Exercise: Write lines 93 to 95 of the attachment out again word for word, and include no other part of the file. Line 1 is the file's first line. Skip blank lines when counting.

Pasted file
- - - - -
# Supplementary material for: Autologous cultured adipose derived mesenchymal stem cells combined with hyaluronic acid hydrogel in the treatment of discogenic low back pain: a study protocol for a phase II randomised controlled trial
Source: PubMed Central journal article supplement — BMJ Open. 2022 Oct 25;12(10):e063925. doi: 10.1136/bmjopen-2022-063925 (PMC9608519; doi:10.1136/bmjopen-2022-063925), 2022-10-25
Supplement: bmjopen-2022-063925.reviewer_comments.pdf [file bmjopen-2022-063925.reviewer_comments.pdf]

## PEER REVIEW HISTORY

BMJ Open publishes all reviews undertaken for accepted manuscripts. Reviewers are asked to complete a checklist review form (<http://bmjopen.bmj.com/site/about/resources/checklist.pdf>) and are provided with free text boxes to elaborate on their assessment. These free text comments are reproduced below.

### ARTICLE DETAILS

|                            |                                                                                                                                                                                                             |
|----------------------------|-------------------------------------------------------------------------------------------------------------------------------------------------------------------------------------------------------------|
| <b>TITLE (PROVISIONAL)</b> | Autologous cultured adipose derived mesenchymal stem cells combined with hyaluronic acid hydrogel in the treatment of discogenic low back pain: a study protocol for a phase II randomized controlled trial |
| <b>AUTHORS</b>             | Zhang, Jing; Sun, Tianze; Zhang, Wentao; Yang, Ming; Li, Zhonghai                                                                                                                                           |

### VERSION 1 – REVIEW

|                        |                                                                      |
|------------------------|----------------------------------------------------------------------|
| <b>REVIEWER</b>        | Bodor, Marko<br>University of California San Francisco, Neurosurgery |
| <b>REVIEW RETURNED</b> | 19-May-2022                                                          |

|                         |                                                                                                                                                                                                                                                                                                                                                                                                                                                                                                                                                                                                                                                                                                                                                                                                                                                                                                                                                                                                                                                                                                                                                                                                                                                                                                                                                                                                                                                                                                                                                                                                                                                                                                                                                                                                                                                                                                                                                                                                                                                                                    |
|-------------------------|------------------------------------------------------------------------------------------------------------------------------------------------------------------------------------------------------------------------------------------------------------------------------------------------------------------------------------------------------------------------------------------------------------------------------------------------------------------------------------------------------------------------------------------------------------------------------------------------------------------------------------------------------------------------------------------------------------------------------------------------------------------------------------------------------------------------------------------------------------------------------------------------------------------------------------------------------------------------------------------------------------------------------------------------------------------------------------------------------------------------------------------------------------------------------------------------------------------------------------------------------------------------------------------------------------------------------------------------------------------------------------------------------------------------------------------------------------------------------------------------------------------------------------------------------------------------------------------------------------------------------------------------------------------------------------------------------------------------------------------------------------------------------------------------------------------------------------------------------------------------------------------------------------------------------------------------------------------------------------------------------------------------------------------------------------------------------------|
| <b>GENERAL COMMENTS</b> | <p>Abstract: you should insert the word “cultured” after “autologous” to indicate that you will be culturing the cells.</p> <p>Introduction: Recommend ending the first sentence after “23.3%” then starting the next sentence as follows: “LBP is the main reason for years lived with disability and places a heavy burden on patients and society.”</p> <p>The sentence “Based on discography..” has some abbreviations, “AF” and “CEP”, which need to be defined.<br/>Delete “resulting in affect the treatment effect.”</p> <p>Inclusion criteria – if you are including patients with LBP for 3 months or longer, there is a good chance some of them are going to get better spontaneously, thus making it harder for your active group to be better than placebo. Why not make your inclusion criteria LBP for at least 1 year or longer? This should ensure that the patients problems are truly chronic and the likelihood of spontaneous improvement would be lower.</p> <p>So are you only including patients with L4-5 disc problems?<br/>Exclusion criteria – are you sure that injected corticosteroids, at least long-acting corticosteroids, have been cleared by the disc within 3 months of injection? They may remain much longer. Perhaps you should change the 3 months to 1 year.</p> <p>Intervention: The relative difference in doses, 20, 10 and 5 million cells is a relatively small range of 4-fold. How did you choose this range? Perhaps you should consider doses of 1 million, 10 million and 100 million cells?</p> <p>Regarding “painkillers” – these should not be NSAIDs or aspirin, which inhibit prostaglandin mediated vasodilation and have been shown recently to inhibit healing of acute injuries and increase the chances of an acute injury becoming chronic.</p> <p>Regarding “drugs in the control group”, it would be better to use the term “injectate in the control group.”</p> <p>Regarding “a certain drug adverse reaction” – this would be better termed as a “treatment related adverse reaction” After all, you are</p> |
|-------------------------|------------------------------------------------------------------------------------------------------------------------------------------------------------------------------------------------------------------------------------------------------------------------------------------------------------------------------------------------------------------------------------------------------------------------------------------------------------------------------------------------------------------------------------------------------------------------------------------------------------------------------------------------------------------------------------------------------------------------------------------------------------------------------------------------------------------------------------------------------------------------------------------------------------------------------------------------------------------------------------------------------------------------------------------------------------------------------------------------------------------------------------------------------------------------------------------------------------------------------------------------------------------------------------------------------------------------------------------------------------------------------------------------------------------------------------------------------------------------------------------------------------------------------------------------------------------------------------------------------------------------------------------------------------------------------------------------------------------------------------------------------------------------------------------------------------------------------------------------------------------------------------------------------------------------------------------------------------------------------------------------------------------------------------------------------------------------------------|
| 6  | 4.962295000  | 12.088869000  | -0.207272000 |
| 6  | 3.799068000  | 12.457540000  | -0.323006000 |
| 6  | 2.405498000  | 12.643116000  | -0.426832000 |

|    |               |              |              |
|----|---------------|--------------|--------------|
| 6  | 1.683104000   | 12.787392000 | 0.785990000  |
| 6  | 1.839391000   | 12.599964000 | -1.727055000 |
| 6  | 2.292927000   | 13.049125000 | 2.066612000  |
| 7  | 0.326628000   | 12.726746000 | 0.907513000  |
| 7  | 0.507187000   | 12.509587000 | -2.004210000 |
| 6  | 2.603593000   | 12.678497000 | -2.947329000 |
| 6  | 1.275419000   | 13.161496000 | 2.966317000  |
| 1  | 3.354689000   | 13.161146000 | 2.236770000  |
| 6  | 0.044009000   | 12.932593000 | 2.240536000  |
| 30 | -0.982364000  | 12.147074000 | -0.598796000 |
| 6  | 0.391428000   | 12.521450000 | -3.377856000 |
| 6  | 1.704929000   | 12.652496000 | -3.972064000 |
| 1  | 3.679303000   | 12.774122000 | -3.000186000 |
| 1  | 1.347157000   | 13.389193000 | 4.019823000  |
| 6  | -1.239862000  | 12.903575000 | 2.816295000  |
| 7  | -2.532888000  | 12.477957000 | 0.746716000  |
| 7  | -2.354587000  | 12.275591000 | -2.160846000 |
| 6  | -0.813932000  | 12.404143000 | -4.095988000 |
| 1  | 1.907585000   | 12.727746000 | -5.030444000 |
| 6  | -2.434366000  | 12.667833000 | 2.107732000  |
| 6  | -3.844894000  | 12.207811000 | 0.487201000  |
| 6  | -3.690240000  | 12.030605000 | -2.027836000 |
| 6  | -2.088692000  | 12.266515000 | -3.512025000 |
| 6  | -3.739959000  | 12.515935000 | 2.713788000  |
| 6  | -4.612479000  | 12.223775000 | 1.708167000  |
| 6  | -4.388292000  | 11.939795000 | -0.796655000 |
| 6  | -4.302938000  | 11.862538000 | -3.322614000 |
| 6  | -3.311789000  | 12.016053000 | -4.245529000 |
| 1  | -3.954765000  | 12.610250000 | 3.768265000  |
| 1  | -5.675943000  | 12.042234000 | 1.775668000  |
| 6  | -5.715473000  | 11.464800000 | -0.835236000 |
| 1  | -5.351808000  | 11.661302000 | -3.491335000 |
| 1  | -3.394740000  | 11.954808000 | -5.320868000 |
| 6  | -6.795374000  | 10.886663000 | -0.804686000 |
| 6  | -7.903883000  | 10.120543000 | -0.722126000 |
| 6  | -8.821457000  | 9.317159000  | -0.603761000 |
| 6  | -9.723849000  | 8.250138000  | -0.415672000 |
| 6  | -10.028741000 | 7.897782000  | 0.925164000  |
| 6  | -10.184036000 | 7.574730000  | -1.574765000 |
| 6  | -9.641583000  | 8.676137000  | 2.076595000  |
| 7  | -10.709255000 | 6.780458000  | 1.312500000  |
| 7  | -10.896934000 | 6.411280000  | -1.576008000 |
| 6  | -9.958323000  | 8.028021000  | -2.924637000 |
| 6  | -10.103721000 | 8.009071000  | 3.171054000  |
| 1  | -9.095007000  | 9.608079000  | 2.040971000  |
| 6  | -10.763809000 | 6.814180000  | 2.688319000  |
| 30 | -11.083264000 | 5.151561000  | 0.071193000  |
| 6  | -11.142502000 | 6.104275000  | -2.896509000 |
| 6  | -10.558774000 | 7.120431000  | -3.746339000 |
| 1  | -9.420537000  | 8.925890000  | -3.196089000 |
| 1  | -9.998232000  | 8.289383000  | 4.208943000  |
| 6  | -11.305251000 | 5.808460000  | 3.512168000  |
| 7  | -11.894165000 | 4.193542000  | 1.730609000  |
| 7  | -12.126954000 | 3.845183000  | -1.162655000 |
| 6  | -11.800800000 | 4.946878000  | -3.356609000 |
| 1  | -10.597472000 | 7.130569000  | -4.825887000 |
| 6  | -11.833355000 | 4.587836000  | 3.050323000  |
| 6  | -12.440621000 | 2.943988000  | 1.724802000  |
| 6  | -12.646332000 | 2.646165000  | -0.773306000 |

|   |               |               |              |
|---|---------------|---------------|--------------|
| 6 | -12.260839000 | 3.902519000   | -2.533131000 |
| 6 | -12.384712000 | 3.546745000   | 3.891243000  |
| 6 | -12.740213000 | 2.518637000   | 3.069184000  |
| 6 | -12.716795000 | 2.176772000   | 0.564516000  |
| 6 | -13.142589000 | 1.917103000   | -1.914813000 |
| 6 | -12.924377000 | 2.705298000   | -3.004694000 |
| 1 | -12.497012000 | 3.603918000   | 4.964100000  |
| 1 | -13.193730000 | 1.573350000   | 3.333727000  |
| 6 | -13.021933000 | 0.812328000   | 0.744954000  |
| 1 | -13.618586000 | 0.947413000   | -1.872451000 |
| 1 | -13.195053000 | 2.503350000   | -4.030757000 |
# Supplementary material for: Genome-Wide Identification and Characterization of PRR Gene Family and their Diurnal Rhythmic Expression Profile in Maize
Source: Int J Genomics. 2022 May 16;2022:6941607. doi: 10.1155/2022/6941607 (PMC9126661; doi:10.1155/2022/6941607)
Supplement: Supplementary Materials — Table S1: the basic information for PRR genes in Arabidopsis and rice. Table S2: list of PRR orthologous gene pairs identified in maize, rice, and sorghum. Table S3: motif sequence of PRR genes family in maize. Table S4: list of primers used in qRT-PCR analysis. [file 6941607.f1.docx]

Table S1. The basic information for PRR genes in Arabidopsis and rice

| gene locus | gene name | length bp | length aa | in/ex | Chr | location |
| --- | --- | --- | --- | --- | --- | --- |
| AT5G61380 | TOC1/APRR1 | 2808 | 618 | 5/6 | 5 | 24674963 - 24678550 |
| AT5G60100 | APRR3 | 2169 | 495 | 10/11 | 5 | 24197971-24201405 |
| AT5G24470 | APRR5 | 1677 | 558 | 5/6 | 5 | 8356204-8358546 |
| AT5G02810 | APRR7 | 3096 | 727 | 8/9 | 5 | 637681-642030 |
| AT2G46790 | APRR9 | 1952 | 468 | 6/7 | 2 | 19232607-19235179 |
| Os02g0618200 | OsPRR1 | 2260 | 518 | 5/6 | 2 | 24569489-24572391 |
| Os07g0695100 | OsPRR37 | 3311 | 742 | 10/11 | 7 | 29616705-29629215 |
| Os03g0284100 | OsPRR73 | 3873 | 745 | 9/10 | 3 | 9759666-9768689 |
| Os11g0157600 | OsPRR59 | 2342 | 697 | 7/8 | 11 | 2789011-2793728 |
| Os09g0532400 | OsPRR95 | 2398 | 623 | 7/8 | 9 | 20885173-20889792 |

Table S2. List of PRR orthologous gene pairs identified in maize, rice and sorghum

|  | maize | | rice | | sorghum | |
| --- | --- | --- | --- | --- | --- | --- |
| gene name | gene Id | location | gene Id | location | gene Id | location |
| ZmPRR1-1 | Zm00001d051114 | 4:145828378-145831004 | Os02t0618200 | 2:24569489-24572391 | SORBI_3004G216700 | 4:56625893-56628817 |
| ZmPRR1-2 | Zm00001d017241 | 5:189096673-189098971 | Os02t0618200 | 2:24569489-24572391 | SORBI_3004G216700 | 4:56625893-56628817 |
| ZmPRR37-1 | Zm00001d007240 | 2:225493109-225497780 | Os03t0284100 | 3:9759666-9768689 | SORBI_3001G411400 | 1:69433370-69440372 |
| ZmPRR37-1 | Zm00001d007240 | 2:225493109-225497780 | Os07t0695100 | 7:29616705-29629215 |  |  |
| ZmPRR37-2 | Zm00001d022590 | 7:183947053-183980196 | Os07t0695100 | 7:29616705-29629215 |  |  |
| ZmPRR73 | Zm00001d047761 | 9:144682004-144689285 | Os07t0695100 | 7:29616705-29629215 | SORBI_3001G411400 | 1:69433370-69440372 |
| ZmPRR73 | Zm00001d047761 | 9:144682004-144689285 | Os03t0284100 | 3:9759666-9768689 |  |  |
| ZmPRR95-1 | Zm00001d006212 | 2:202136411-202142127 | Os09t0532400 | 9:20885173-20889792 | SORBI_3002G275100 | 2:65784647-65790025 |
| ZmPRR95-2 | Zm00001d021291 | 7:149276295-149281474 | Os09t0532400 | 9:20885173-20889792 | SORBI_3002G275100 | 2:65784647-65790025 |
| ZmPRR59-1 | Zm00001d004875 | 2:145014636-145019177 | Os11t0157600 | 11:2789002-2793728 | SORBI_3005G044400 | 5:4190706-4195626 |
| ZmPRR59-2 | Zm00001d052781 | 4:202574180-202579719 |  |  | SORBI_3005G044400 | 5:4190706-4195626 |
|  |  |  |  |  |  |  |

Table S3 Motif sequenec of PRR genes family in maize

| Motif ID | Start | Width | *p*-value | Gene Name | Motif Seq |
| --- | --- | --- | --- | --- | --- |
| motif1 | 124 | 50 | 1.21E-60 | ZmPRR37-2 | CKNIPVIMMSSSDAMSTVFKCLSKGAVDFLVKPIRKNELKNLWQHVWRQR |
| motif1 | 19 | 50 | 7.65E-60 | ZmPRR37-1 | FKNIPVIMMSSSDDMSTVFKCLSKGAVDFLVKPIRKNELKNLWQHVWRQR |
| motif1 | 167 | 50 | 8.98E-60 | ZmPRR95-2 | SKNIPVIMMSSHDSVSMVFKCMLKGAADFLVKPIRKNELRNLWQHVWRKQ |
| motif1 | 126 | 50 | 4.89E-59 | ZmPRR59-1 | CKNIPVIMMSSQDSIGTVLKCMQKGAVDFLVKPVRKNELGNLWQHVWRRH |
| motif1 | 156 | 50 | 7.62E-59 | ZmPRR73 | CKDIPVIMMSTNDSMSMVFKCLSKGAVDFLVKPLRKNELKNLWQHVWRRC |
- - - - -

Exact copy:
| 1 | -13.193730000 | 1.573350000   | 3.333727000  |
| 6 | -13.021933000 | 0.812328000   | 0.744954000  |
| 1 | -13.618586000 | 0.947413000   | -1.872451000 |